This bubble is way, way worse than the others since the 70's; this is the 1930's coming round again.

B. in C.

Nick von Mises said...

That fraudster Keynes has a lot to answer for. He's given an intellectual fig-leaf to all kinds of despicable state theft and largesse in troubled times

electro-kevin said...

We were a far hardier, prouder and more pragmatic people in the '70s for a start.

Anyone remember the Bay City Rollers ?

Anonymous said...

Electro-Kevin, cheap flights only started in 1975, that was probably why.
The British people have always had the government they deserve, the problems of the 70s were because too many people had their hand out doing fake jobs. Same as today.
Whatever happens we voted for it. (not me personally).

Mark Wadsworth said...

Dearieme for once misses the point. Retrospective tax rebates are silly. Cuts in future tax rates will encourage people to work harder/invest more wisely in future.

Art Laffer (who has his detractors) explained all this donkeys' years ago.

Anonymous said...

One of the many problems is that we now have a press/government/people who think that an economy runs on spending and consumption and not saving and production.

Coupled with the fact that low interest rates cure more ills than Viagra (and no glass of water required) and I can see decades of flogging a dead horse.

And the wrong dead horse to boot...

APL said...

Mike: "Perhaps reducing VAT on essential items to help would be a direct way to help the poorest."

Two things: VAT is the European Union tax, Neither Brown nor Darling can change it without interminable discussions with Brussels, that means years not weeks.

Second. The poor are getting plenty of help from the benefits system already. Not many poor employ anyone, other than indirectly through the government benefit office.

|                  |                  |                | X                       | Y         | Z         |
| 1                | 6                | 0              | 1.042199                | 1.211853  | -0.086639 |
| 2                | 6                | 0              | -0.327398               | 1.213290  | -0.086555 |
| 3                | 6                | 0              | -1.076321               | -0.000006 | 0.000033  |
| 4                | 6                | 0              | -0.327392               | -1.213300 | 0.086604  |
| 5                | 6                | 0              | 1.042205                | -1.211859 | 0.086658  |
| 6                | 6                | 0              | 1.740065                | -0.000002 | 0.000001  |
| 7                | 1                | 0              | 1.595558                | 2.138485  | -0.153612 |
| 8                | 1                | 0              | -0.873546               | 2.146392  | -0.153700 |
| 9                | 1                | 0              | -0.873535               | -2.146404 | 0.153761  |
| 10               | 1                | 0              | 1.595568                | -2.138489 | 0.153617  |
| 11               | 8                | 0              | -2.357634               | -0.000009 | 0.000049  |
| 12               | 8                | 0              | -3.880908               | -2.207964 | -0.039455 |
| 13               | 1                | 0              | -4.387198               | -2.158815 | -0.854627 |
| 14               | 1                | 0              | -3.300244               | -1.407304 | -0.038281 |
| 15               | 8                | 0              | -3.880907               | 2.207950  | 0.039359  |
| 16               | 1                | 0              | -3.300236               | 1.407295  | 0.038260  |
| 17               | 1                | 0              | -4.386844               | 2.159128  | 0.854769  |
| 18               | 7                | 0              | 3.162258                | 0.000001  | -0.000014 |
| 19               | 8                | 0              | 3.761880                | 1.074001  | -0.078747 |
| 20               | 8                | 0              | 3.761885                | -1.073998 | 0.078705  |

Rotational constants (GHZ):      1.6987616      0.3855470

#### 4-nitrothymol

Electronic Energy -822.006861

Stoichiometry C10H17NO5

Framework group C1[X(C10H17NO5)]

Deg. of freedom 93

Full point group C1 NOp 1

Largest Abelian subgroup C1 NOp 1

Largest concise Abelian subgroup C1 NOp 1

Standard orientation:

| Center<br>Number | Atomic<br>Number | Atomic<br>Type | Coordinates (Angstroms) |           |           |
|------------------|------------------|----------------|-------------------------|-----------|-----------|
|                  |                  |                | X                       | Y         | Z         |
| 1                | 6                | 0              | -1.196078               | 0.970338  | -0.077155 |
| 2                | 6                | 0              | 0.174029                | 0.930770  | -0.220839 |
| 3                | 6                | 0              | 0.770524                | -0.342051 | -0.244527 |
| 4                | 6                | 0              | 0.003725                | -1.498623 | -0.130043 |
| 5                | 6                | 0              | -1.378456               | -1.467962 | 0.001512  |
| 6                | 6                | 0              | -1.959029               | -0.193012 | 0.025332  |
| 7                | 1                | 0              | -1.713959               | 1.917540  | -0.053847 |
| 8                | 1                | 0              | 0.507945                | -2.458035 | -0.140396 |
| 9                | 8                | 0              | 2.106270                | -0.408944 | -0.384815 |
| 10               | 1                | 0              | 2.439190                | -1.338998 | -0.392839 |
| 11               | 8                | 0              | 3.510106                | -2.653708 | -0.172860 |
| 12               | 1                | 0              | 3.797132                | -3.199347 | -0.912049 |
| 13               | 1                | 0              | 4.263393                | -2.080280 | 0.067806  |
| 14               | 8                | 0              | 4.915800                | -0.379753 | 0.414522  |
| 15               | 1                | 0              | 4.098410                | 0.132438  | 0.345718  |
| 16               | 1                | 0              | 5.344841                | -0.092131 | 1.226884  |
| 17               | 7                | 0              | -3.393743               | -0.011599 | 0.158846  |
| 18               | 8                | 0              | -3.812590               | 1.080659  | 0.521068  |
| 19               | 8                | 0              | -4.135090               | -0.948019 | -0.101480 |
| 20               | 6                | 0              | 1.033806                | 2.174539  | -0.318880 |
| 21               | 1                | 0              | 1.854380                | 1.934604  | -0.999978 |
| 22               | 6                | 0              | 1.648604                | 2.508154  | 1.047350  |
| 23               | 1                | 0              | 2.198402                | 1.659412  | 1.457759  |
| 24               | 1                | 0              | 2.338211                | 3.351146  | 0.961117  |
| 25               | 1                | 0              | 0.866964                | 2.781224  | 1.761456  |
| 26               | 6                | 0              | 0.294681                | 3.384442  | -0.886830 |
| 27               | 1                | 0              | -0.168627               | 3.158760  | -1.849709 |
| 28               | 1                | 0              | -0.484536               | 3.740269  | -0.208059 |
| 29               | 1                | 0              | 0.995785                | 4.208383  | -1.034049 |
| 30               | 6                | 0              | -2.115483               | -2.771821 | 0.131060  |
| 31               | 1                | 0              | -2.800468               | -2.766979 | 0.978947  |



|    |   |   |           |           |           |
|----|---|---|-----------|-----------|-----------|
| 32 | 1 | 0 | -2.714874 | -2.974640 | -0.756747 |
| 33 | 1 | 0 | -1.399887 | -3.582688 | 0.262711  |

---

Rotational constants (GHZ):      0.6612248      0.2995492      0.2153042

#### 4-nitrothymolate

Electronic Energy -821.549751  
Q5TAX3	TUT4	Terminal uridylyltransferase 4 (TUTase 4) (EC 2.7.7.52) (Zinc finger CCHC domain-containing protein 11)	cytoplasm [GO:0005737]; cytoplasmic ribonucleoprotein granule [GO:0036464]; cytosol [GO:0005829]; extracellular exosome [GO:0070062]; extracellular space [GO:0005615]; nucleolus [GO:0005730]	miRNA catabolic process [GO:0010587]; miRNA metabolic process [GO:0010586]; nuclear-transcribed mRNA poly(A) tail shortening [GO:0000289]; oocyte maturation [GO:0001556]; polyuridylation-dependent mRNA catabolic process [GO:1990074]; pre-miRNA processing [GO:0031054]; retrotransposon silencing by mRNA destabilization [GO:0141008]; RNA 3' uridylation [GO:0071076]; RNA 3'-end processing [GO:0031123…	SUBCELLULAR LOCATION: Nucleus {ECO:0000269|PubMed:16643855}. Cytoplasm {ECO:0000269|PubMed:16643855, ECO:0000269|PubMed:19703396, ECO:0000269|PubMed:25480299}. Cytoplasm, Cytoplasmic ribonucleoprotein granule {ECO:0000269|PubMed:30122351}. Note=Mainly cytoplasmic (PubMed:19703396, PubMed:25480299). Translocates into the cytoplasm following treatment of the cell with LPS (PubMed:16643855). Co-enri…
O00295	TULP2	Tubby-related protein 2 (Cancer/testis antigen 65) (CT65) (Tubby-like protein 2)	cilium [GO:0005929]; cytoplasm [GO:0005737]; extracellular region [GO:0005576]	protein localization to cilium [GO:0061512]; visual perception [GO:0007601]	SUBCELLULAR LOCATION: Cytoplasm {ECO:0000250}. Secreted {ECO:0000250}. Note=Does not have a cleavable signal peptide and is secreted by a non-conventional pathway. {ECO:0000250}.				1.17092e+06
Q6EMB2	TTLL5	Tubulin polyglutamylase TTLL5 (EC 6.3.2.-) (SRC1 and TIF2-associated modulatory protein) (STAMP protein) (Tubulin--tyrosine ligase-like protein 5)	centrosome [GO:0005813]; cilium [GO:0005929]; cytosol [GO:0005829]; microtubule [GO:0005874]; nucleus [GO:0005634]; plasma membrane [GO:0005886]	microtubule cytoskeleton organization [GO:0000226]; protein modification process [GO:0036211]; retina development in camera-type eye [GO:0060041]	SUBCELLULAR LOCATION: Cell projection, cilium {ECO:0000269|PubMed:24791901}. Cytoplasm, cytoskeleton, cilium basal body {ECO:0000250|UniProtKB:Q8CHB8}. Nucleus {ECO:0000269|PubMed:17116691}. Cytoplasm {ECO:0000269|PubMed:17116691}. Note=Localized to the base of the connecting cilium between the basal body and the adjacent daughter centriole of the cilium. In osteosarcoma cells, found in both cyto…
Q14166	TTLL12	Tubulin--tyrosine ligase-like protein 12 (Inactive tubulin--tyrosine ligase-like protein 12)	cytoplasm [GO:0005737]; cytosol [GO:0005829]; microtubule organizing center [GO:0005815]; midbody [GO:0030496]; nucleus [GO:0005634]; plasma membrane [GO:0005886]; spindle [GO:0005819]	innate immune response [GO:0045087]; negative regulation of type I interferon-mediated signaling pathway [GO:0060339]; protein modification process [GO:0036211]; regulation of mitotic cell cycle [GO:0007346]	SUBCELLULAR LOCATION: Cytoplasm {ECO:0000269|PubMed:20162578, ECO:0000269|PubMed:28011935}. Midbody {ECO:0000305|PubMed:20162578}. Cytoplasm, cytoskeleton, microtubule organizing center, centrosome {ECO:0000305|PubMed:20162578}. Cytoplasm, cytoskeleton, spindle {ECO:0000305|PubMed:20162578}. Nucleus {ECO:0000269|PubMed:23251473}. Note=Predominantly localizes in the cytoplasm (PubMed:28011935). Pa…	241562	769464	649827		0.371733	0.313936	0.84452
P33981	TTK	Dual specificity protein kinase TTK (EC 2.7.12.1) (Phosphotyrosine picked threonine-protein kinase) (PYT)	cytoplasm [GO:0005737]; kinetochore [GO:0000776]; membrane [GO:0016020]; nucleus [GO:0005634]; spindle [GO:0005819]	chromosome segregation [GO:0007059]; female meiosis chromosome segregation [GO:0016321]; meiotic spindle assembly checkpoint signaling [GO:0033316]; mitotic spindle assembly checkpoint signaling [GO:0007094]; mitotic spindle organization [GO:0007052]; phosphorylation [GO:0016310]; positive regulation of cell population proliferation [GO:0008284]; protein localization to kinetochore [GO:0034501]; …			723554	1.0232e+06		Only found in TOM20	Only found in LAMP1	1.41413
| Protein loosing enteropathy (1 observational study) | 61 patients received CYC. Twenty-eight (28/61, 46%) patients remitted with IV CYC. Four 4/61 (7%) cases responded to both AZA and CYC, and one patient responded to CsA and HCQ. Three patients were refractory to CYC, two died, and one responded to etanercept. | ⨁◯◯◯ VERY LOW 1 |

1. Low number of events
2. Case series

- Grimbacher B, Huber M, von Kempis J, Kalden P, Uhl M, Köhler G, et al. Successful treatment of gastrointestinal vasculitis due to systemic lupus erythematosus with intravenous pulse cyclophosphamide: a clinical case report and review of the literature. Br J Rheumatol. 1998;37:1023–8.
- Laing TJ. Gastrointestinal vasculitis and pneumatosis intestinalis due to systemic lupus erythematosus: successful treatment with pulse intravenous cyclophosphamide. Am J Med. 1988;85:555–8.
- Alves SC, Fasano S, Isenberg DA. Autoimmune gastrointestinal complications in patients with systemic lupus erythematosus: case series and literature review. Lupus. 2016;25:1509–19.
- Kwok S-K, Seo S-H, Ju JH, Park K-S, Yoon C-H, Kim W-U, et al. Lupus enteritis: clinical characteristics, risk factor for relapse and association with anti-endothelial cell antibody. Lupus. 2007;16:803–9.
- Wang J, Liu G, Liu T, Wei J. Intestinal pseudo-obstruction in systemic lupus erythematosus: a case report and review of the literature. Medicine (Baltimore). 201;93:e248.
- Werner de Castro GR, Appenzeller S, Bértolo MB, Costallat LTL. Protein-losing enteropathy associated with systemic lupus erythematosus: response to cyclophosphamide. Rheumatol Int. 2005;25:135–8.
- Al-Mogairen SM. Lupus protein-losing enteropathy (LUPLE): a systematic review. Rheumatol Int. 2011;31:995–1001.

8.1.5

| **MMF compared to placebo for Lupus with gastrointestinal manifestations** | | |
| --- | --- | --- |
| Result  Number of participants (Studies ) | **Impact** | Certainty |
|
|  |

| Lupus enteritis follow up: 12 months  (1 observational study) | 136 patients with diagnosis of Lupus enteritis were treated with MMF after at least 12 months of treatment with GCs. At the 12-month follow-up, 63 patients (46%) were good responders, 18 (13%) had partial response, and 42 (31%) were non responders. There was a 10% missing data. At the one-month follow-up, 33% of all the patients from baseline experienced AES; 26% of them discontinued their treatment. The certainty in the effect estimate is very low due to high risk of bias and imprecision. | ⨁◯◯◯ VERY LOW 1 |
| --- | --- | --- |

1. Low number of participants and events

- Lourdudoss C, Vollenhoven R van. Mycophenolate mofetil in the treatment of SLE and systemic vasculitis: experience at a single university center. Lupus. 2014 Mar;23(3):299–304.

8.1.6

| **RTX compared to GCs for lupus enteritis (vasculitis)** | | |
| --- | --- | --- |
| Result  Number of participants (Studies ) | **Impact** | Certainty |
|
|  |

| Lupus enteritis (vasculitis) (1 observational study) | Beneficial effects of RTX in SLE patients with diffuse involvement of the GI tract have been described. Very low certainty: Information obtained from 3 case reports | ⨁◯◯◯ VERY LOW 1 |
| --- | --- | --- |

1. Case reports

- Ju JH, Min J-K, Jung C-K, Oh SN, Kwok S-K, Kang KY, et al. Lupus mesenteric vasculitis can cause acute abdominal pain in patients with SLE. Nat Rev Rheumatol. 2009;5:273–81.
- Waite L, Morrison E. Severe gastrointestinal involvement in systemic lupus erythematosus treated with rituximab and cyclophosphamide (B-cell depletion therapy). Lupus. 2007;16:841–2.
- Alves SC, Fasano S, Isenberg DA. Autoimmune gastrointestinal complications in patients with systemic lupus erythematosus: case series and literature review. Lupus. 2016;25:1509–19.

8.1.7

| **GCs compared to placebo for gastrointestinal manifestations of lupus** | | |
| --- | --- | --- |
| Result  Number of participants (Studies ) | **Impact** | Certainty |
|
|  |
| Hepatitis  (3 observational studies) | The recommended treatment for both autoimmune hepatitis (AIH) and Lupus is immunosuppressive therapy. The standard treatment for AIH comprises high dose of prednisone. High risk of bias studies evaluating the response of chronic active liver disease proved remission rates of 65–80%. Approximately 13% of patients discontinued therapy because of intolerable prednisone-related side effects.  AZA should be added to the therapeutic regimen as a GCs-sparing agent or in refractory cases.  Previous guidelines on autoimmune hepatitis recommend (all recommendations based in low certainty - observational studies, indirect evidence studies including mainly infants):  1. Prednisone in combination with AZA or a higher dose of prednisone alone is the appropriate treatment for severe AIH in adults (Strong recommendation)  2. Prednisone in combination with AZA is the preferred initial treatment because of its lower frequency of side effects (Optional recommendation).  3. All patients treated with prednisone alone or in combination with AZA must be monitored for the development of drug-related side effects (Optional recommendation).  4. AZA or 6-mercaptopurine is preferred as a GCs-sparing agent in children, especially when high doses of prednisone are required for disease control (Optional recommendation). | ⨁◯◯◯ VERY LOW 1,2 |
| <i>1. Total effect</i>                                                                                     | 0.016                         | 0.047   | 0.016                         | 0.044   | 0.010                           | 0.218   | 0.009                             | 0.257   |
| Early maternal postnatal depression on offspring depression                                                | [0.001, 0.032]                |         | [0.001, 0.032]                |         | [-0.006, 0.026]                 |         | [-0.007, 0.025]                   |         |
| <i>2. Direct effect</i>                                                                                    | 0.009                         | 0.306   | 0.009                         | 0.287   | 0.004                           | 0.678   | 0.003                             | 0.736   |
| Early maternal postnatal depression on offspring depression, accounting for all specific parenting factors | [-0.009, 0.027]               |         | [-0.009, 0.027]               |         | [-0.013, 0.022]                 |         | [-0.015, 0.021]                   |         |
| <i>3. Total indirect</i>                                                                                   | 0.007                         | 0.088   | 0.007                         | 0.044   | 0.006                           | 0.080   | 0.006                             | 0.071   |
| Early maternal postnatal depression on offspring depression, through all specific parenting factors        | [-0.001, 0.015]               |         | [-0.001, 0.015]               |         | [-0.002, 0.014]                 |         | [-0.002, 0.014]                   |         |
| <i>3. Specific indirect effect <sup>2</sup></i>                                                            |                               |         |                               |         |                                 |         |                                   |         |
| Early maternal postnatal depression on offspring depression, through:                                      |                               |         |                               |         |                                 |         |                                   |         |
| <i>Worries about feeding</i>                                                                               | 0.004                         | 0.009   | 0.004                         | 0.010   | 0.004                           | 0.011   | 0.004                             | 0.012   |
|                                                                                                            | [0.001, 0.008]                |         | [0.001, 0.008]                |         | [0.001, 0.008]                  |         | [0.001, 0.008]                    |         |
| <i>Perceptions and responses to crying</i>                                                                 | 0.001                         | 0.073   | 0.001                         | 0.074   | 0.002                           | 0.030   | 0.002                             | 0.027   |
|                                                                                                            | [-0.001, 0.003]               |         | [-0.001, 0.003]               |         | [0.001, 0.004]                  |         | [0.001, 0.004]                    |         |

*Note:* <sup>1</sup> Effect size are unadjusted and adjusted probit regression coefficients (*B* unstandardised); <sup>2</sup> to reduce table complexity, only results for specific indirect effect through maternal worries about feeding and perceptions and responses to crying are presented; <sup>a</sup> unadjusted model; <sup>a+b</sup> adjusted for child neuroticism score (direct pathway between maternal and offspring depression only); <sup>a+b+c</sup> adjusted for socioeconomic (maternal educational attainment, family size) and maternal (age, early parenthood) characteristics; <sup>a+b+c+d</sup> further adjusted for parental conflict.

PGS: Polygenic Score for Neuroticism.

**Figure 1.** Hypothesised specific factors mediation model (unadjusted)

Mike: "Also increasing VAT on non-essential items such as boats, tv's, etc:"

Tokenism! As such redundant. Tell me, the stock market has just dropped by one third, even folk who you might have thought of as rich, are selling assets. Not too many people are buying stuff, boats are the least of priorities.

Cut tax, the government should put 2 fingers up at the EU and zero rate the UK for VAT.

Markbaldy said...

Anonymous said "One of the many problems is that we now have a press/government/people who think that an economy runs on spending and consumption and not saving and production."
I agree - the root of the problems is that the UK economy is based on consumer spending... of borrowed (not earned !!!) money.
This is ONLY possible if their main asset goes up in value and people borrow against that... that is why Brown is desperate to kick start house price inflation (again)... he will bankrupt the UK in doing so.

Anonymous said...

Successive uk governments have relentlessly encouraged and enabled the indiscriminate increase in asset values by falsely stimulating demand and falsely restricting supply .
I do not however believe we have reached the final disaster that some predicate.
The current bubble is similar to that of the 1930’s in that property , real interest rates , and production are sychronised in decline for several years possibly . However the underlying trend is contrary to this decline unlike the 30’s .It seems quite likely that the final and awful global disaster will be visited upon our grandchildren in the mid 2020’s unless there is some fortunate intervention however unlikely it may seem.
Appropriate , appropriate , appropriate has been without question the code of ethics that has generated these periodic disaster situations . It seems reasonably certain that in a matter of several years from now we shall enter a global boom period of unprecedented and epic proportion.leading to an ultimate unrecoverable global disaster .
In the meantime the only viable short term remedy would seem to be the adoption of a device that would effectively put the clock back in such a way as to serve everyone’s perceived vested interest . This can be done and would give considerable respite and could possibly considerably delay the eventual decline of the global system .

Anonymous said...

It will all end in tears.